Our work informed the Thriving at Work Review, which went on to inform the UK Government’s voluntary reporting framework for reporting on disability, mental health and wellbeing in the workplace, developed to support organisations and drive greater transparency. Increasing the capture, reporting and visibility of information will enable us to have better national benchmarks and a richer and more relevant understanding about staff wellbeing across sectors and sizes of organisations. 

When we started this implementation work in 2017/18, only about 30-40% of organisations reported having a wellbeing strategy. That has grown to 65% of organisations across multiple sectors including health, education, policing, law, banking, convenience stores, construction, shipping, and farming.

We have further built on our core findings, research and knowledge to provide recommendations, tools and guidance to improve workplace wellbeing.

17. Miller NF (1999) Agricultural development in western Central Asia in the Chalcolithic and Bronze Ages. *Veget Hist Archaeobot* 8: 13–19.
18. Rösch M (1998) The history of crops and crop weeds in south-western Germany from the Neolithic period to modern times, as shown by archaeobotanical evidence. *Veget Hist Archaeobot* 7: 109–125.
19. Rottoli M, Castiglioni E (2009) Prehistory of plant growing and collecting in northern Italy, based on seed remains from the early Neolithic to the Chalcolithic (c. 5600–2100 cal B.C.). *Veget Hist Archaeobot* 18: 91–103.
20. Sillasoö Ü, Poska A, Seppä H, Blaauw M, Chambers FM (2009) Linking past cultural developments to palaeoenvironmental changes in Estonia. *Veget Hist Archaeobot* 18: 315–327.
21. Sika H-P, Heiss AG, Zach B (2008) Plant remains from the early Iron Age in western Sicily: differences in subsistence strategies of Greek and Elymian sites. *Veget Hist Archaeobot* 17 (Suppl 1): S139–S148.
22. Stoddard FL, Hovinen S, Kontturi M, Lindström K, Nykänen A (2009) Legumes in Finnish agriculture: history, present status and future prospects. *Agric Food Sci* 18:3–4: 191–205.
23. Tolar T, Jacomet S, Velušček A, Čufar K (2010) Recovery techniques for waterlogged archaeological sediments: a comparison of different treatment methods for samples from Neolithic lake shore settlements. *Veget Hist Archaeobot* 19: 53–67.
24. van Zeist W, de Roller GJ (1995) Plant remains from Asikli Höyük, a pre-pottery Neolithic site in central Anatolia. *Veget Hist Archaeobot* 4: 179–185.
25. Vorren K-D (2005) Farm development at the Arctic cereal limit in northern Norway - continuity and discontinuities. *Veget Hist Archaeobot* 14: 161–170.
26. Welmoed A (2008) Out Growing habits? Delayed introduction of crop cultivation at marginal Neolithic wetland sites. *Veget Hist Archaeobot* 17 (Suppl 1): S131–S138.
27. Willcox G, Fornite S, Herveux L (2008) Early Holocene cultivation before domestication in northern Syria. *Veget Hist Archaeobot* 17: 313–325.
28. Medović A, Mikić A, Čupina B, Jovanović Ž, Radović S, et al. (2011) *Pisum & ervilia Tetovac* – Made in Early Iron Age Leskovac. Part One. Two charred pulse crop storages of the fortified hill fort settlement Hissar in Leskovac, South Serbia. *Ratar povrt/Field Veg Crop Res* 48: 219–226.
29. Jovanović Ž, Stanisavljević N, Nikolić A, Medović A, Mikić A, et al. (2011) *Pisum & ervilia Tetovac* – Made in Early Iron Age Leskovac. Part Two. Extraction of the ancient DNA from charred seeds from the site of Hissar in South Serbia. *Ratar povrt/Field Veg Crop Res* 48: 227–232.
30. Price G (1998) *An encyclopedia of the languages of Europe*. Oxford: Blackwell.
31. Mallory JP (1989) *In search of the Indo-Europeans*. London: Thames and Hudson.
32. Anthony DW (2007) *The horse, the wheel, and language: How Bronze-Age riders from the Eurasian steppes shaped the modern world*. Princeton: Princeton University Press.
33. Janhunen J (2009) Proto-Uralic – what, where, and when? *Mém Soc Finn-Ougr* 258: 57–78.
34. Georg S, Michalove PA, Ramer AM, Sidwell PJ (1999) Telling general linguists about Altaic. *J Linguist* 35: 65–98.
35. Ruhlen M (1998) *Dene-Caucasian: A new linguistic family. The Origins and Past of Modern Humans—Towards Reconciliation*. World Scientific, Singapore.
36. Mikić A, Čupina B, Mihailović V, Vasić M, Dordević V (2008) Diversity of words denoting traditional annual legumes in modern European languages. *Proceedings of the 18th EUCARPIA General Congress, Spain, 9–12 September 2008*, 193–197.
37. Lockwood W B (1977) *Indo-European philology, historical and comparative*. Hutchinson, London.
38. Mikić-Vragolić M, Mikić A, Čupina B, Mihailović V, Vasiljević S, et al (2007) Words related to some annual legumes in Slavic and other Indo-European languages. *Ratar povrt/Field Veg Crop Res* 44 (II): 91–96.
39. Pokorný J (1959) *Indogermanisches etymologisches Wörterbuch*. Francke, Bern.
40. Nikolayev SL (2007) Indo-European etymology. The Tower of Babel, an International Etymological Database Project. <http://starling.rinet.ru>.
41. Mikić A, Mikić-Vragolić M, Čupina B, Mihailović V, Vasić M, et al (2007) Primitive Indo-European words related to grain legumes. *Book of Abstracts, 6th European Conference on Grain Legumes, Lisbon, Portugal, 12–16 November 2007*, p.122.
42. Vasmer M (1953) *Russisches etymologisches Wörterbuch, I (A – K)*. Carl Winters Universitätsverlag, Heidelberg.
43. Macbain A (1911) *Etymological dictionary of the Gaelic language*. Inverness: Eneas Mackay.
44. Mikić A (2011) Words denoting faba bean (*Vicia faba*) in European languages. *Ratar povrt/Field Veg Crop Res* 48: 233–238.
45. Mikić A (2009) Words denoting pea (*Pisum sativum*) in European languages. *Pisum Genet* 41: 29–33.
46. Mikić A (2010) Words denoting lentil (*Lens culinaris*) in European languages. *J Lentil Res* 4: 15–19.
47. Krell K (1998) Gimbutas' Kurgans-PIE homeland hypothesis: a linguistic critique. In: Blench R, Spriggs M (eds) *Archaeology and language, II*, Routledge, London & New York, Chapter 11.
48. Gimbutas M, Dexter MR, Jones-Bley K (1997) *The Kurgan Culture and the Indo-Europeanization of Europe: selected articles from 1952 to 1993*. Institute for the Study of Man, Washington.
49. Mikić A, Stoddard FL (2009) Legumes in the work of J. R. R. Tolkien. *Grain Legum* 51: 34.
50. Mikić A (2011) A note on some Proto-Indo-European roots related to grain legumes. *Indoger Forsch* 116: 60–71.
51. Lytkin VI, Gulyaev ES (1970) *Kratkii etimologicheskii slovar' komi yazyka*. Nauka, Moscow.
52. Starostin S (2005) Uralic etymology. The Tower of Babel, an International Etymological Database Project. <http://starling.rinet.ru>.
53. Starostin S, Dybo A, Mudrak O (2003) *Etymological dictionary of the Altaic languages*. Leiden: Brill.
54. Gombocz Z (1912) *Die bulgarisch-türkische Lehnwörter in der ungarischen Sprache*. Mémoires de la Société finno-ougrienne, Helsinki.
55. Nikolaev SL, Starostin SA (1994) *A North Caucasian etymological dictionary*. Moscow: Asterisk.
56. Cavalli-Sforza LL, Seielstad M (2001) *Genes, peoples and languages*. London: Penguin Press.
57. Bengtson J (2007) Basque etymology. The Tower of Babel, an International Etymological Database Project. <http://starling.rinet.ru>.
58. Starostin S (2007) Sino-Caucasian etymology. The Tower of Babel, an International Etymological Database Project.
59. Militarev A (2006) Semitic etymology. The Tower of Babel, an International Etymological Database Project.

In 2022, we focused on organisational leadership of wellbeing, including exploring how board-level wellbeing leads and wellbeing assurance roles are being delivered in practice. Insights from our literature review helped us produce a wellbeing Non-Executive Director theory of change model to help ensure that employee health and wellbeing is promoted in all policies and procedures.

We also investigated what works for authentic leadership of wellbeing in the workplace, using the pandemic as an opportunity to explore how businesses balance wellbeing and performance during a crisis. Looking at five case study organisations, we found that mutual gains are more likely to be achieved if the organisation implements visible and ongoing actions aligned to its values and priorities. Responses to the crisis were more positively received by staff in places with established interest in employee wellbeing. These insights confirm the benefit of having an integrated, evidence-informed wellbeing strategy in place.